Sunday, November 28, 2010

U.S. Patent Activity Continues to Grow

Except for 2006, more U.S. patents were granted in 2009 (191,927) than in any previous year (see top chart).  And the number of patents granted in the last decade (1,827,000) is more than the number of patents granted in the quarter century between 1963 and 1987 (1,752,000).  For patent applications, almost five million applications have been filed in each of the last three years, and there were more applications filed in the last ten years than in the 33 years from 1963-1995 combined (see bottom chart).

Bottom Line: Despite the "worst economic crisis since the Great Depression," the most important ingredients and determinants of long-term growth for the United States were relatively unaffected: innovation, entrepreneurship, ingenuity, creativity, originality, and advances in science and technology, measured by U.S. patents.  Looking at the graphs above, you wouldn't even know anything of economic significance happened in the last few years - certainly nothing that materially affected patent activity.

Our "ultimate resource" - America's human resources,  human capital and entrepreneurial talent - are still strong, and the vitality and dynamism of the U.S. economy will prevail.  The U.S. economy has experienced 33 recessions since around the time of the Civil War, and has successfully emerged after each one into a new cycle of growth and expansion, and there's no reason that this last recession and the current expansion will be any different.  Judging by the ongoing expansion of U.S. patent activity, the future looks very bright, and American exceptionalism will continue to thrive.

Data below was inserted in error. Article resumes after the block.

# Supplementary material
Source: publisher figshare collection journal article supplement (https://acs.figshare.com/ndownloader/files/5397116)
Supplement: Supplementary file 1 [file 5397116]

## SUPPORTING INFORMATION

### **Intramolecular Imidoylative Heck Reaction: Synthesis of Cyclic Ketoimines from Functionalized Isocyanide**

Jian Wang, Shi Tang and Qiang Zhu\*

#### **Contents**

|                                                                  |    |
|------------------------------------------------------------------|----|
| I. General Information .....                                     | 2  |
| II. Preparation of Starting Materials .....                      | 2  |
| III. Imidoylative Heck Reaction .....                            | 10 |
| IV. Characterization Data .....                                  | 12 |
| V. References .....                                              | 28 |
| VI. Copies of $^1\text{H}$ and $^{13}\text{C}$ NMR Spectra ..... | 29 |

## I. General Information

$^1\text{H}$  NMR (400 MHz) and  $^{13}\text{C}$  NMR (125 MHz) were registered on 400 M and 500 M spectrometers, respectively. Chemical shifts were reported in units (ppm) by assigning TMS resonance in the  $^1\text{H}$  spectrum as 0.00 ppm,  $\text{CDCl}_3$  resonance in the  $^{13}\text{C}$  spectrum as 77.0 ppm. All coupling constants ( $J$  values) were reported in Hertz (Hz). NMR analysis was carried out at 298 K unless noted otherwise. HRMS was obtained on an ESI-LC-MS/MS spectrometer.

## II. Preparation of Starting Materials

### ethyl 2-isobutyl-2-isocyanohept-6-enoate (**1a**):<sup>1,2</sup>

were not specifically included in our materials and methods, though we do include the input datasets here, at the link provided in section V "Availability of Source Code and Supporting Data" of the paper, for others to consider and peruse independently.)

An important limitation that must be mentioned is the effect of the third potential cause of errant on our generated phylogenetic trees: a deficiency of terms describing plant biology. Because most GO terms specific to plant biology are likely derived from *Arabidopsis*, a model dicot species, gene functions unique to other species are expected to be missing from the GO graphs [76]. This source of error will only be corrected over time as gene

At 11/28/2010 1:42 PM, Blogger Ben Eng said...

I'm skeptical that patent applications and grants is a good measure of innovation and entrepreneurial activity. Maybe in the past, innovators (especially in software) tended not to file patents---especially not for every trivial thing, as we do today. The increase is largely due to the use of patents to litigate for license fees. Hence, the rise of corporations whose sole business is patent trolling. This leads to all corporations building larger patent portfolios as a defensive measure for counter-suing. This is not productive activity.

At 11/28/2010 11:24 PM, Anonymous Anonymous said...